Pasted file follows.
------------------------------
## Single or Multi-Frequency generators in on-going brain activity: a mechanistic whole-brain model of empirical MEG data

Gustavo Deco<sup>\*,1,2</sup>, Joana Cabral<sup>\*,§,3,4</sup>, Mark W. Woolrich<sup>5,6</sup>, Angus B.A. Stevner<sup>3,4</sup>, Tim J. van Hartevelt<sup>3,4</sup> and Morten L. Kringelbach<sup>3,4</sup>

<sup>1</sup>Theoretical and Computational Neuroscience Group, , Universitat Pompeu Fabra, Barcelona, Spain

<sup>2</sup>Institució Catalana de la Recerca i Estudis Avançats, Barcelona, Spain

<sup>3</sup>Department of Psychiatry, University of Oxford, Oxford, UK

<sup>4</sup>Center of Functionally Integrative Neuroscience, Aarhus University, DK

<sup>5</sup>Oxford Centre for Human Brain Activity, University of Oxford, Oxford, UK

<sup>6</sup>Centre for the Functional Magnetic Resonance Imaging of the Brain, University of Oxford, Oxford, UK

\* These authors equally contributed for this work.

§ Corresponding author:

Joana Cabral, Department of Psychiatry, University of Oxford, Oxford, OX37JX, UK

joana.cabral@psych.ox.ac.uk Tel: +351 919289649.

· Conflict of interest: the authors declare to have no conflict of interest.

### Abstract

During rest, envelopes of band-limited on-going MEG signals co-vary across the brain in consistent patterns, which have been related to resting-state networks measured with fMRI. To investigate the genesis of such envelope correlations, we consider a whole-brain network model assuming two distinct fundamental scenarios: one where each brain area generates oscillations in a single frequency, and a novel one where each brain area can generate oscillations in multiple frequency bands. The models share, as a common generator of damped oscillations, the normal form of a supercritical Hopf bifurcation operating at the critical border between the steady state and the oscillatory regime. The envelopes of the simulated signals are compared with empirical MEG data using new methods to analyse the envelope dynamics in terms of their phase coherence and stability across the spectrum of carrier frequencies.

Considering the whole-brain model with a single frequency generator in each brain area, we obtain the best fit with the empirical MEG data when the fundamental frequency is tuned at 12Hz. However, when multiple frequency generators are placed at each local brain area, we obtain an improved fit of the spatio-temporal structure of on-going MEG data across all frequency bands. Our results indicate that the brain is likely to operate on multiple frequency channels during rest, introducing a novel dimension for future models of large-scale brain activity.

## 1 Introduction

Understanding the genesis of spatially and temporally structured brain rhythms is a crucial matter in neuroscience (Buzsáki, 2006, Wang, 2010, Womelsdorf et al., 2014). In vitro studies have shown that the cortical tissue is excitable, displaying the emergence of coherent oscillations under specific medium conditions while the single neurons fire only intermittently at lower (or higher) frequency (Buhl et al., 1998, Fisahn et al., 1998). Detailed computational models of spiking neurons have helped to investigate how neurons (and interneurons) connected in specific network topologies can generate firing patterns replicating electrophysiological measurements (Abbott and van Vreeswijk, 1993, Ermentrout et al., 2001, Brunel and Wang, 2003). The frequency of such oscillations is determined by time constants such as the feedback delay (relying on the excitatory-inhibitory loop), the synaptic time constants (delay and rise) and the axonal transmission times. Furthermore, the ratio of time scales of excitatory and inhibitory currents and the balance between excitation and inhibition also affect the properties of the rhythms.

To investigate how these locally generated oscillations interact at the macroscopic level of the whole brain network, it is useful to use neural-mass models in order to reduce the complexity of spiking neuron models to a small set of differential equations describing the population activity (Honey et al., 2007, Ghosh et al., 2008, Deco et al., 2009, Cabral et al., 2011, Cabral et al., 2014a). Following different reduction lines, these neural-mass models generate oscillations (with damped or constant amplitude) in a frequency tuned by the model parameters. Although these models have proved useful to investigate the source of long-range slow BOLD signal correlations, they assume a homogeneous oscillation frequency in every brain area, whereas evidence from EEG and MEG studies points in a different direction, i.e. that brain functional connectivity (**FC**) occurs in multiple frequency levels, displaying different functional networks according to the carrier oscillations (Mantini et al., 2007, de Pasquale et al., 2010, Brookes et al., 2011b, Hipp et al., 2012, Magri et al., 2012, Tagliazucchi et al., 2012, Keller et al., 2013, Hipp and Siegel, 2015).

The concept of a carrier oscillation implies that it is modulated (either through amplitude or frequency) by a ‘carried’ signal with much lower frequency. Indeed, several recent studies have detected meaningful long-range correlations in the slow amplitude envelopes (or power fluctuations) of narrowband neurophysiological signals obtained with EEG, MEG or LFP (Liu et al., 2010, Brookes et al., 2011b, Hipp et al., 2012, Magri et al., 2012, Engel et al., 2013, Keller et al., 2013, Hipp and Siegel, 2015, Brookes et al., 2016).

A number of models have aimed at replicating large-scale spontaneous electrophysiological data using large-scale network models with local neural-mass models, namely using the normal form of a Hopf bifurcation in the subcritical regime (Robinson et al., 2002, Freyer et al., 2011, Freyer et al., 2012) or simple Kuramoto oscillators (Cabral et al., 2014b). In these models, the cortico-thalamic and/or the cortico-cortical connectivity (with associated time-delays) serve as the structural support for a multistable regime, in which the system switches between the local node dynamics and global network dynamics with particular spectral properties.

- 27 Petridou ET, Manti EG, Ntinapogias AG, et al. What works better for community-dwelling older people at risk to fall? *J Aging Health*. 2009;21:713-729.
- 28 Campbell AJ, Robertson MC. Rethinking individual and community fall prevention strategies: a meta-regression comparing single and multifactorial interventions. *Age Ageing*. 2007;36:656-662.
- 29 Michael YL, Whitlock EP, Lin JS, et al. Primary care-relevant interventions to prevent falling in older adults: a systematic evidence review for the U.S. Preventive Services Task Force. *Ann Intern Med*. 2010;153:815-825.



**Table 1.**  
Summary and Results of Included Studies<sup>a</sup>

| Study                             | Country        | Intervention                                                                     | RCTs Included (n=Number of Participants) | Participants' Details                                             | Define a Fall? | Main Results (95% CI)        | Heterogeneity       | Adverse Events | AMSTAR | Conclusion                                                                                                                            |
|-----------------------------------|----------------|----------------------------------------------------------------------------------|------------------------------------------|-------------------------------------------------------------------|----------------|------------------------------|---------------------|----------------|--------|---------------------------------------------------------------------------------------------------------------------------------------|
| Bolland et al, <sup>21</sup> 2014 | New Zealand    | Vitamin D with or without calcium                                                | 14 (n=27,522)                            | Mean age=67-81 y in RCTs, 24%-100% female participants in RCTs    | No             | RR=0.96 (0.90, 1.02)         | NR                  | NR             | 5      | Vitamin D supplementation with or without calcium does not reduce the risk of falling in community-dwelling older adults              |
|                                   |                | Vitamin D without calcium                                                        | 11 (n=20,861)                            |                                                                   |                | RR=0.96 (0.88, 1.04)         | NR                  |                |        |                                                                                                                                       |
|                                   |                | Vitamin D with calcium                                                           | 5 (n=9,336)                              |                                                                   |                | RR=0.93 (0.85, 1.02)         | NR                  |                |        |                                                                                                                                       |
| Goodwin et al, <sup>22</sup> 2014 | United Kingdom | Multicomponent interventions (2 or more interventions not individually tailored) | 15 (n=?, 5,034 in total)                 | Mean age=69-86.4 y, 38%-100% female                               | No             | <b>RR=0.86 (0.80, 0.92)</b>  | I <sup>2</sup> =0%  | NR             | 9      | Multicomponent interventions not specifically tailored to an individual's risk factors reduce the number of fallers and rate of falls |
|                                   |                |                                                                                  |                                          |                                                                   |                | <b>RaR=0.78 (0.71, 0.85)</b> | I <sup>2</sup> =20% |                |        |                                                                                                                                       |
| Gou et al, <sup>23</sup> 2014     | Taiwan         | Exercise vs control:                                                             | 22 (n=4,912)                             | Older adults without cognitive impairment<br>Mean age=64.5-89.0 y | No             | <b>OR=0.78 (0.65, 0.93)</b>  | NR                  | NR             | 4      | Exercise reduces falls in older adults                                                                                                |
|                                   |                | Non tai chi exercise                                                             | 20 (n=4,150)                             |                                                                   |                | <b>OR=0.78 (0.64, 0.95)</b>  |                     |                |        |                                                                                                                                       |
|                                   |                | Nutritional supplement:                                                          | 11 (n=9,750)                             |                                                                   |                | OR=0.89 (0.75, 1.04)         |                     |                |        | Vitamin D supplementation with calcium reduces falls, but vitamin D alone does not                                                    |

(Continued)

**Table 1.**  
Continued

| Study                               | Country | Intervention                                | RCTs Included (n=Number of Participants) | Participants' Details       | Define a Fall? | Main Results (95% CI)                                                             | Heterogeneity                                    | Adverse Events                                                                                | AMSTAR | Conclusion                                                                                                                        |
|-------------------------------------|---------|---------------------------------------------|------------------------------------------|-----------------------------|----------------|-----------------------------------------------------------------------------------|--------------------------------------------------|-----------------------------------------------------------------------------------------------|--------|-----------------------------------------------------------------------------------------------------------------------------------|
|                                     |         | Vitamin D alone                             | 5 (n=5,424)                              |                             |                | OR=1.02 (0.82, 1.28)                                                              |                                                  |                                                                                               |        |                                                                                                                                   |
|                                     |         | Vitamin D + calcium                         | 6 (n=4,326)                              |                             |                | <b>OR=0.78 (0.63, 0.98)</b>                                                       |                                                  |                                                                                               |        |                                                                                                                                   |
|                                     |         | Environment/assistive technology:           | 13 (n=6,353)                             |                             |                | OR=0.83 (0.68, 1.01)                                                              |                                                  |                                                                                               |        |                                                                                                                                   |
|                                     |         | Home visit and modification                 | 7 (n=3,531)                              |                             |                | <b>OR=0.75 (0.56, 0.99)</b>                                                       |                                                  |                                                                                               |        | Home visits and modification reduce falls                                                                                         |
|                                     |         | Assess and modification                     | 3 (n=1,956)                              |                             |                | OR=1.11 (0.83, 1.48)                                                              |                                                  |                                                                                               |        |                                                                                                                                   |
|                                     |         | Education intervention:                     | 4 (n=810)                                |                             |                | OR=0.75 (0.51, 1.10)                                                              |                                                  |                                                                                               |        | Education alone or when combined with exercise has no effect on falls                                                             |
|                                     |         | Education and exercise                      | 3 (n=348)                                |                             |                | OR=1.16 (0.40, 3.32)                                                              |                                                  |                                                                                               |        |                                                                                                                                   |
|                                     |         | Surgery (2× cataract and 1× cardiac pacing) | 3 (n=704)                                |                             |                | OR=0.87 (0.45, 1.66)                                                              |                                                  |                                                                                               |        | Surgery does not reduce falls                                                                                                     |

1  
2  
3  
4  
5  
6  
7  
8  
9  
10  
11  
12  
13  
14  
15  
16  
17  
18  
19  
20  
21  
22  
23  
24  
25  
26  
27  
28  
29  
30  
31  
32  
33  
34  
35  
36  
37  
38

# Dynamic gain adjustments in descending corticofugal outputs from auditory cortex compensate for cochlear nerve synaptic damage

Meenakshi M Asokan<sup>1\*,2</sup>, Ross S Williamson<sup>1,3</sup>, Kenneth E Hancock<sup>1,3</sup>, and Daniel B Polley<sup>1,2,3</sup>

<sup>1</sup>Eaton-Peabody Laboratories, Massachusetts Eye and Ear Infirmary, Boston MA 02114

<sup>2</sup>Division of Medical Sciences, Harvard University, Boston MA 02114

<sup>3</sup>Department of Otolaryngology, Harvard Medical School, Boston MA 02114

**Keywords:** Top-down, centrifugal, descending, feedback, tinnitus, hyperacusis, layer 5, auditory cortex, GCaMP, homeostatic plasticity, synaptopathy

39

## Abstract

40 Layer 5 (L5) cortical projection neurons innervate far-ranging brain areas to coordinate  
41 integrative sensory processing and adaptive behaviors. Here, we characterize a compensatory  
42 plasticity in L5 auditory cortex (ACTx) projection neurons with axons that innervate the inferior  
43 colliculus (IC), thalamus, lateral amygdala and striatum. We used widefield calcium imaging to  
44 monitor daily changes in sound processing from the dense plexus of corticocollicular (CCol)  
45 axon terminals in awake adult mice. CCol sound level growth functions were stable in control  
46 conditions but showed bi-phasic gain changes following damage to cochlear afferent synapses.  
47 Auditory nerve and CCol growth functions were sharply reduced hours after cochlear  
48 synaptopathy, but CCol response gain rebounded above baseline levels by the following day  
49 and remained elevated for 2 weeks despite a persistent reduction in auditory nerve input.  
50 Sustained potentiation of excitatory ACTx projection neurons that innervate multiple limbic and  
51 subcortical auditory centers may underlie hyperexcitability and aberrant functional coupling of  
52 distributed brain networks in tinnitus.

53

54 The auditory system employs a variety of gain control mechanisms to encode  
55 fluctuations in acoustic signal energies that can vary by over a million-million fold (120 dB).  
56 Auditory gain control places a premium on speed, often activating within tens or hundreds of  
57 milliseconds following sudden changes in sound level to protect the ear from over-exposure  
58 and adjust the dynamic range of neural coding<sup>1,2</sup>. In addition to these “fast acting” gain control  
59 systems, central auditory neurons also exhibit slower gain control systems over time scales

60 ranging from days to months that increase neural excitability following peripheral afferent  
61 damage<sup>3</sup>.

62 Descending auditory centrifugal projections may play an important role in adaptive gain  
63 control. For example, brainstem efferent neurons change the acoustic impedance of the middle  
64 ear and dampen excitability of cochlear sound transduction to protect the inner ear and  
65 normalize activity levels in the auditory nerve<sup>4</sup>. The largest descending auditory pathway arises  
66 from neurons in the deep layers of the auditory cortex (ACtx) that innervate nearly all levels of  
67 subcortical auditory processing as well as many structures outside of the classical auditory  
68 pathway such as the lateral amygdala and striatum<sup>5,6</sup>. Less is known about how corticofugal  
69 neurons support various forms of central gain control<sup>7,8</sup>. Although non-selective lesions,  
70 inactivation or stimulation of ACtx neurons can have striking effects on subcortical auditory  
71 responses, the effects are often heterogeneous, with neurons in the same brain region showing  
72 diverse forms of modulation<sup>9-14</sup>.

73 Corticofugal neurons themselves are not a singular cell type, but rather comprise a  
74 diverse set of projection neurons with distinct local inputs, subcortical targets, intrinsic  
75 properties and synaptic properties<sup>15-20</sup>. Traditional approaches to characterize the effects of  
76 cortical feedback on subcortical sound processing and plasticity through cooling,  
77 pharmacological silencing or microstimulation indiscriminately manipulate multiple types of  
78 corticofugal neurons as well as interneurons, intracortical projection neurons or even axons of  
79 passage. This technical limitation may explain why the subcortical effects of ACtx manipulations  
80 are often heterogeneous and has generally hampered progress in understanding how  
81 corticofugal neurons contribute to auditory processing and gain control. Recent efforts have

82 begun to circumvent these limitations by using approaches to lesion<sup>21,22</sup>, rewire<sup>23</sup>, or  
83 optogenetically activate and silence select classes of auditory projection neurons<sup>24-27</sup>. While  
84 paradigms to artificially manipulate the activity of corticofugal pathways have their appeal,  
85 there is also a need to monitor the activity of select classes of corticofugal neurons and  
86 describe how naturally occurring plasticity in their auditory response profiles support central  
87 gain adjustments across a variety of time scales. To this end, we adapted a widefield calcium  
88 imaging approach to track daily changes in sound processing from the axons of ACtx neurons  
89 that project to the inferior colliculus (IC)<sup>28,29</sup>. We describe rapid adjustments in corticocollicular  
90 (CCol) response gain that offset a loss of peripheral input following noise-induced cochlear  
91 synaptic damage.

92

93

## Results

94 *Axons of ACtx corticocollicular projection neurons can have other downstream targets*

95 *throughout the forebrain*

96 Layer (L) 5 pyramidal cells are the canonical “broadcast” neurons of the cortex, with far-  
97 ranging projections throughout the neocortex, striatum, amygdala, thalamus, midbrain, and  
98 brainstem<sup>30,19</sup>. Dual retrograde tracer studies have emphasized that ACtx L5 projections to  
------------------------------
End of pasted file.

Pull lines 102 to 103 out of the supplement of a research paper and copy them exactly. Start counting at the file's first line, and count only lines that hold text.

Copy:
46 conditions but showed bi-phasic gain changes following damage to cochlear afferent synapses.  
47 Auditory nerve and CCol growth functions were sharply reduced hours after cochlear  